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Washington’s community colleges are rethinking the kind of math students must know to earn a college degree, and finding innovative new ways to teach a subject that trips up more students than any other.

Emporium Math Lab Big Bend Community College Moses Lake WADena DeYoung traces her trouble with math back to sixth grade, when a well-intended placement test showed she was smart enough to do advanced work.

And for several years, DeYoung did well. But when she reached high school, math became her worst subject. Lost by the logic, unable to imagine how what she was learning would ever come into play in the real world, her math grades plummeted.

“I just never got it,” DeYoung said. “I was barely scraping by. It was just a nightmare.”

DeYoung eventually dropped out of her Shoreline school, and while math was not the only reason, it didn’t help. Instead of a high-school diploma, the promising student earned a General Educational Development degree, or GED.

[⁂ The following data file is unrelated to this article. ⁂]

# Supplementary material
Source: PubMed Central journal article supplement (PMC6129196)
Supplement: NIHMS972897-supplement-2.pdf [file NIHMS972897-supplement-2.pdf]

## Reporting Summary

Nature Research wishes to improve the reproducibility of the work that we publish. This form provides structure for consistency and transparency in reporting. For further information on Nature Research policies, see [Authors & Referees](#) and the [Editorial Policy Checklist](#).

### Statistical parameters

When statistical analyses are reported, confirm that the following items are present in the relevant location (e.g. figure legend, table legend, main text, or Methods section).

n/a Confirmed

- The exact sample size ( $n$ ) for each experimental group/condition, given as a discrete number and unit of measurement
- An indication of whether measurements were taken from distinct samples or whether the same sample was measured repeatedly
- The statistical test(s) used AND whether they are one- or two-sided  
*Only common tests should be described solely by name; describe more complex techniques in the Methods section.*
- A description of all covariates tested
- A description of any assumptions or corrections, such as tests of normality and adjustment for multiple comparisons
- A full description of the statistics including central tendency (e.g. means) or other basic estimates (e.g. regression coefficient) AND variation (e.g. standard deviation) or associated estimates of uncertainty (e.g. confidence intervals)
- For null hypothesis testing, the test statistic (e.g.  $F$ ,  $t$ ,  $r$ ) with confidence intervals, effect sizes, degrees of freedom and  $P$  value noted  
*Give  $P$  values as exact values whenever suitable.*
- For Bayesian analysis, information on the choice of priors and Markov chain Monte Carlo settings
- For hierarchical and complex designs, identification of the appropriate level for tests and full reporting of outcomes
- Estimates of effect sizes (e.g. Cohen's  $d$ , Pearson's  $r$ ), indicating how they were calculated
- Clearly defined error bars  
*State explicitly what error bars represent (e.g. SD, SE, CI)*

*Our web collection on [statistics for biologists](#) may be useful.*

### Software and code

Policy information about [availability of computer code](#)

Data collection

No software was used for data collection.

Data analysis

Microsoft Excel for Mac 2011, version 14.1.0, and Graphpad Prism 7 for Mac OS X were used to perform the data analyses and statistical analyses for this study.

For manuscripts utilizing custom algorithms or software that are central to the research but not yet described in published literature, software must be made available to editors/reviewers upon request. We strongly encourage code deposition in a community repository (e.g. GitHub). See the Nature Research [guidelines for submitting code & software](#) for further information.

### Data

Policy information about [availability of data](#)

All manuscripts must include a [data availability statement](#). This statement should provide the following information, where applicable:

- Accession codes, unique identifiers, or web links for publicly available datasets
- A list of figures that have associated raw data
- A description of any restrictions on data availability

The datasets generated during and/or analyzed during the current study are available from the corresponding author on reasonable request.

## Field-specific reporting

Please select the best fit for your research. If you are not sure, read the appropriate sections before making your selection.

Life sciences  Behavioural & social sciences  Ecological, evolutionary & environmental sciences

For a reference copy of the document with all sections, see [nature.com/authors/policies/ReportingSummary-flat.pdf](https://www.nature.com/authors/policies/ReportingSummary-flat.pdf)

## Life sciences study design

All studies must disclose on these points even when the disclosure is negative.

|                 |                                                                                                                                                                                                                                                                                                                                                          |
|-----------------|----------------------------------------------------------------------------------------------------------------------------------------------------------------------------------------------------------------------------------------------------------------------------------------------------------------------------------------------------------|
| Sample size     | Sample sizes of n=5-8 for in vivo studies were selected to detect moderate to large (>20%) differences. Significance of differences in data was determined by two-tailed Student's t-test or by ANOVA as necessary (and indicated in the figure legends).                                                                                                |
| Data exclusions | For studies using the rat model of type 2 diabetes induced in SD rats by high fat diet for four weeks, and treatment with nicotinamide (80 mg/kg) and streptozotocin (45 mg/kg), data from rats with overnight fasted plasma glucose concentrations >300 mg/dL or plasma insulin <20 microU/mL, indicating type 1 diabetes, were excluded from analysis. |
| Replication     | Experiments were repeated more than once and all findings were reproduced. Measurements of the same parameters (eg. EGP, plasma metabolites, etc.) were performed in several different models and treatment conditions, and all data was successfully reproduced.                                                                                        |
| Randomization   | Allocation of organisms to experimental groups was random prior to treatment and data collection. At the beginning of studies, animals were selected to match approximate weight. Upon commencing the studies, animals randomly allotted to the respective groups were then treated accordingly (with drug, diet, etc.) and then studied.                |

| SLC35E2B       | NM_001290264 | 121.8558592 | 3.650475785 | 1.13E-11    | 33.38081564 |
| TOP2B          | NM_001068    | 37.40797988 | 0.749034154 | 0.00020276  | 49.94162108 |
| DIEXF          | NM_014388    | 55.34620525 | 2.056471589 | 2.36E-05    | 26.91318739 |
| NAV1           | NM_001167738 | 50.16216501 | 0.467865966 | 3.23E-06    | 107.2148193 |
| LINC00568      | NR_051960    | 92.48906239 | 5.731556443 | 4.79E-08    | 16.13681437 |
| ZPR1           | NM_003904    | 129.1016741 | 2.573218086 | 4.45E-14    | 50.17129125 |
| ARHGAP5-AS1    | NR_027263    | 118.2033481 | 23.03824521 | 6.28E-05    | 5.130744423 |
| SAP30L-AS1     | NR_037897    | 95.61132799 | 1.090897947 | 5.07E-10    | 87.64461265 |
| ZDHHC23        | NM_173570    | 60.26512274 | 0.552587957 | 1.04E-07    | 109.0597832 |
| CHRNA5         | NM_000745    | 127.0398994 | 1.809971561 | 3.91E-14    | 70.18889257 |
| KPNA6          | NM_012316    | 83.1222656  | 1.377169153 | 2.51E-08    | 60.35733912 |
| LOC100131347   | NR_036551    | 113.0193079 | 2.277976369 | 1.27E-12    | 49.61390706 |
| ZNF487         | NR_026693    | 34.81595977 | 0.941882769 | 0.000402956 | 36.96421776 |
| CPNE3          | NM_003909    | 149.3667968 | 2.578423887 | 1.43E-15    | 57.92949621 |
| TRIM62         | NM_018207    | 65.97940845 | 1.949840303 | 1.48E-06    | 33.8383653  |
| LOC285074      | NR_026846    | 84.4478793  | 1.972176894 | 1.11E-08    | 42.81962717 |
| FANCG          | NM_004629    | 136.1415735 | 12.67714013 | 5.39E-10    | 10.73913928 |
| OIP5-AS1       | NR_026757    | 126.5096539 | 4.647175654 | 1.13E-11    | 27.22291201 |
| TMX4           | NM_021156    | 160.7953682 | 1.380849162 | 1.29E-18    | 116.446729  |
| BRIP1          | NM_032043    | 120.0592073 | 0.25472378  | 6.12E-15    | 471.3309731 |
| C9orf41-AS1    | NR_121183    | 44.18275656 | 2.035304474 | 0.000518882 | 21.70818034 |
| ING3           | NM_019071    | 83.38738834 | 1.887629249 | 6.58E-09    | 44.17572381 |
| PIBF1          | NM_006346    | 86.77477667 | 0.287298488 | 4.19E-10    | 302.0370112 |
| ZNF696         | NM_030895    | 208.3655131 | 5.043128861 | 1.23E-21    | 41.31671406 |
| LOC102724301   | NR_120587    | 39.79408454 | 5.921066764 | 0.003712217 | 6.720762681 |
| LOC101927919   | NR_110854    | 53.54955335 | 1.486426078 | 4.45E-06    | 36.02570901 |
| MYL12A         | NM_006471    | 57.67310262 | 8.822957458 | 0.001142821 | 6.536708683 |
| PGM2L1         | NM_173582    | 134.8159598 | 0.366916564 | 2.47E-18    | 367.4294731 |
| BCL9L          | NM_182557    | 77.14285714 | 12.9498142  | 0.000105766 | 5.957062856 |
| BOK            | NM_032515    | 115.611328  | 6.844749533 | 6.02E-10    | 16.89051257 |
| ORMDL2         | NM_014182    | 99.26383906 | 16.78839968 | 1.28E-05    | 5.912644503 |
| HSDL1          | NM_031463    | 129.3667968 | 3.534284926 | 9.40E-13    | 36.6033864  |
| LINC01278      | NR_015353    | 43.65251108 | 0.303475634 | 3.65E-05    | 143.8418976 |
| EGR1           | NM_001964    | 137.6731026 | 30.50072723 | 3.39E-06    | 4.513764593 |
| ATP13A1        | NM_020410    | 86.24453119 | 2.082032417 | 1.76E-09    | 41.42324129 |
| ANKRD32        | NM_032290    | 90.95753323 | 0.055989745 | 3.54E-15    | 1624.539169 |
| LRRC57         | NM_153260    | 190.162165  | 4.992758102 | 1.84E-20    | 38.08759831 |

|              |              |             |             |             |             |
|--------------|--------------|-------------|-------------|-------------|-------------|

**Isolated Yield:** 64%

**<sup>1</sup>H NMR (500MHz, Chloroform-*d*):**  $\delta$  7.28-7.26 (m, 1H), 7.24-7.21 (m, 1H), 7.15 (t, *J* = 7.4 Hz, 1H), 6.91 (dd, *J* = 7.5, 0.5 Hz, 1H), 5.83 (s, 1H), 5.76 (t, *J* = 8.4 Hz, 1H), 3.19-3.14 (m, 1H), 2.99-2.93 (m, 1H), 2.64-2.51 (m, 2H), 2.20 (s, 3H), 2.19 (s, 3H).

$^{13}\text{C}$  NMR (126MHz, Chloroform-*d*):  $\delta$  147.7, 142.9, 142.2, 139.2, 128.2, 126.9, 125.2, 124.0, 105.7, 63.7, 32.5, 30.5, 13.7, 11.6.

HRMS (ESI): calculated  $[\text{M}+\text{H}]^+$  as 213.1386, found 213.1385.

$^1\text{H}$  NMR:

More than any other subject, math trips up students who might otherwise thrive in college, especially those who don’t plan to go into technical careers that require proficiency with numbers.

Failing the state’s math test keeps hundreds of students from graduating from high school each year, even when they’ve met every other requirement. Math is the reason why half of Washington’s high-school students who enter community college must take remedial classes — which few ever pass, even after years of struggle.

A lot of effort has gone into thinking — and arguing — about how best to teach math, hoping to keep it from being such a barrier to higher education. But the math problem also has caused leaders of Washington’s community colleges to ask a fundamental question: How much math, and what kind, should be required for a student to earn a college degree?

Their answer, increasingly, is that there is no one answer.

Students who are studying to become nurses, social workers, early-childhood educators or carpenters may never use intermediate algebra, much less calculus. Yet for years, community colleges have used a one-size-fits-all math approach that’s heavy on algebra and preps students for calculus.

Read the full Seattle Times article here.


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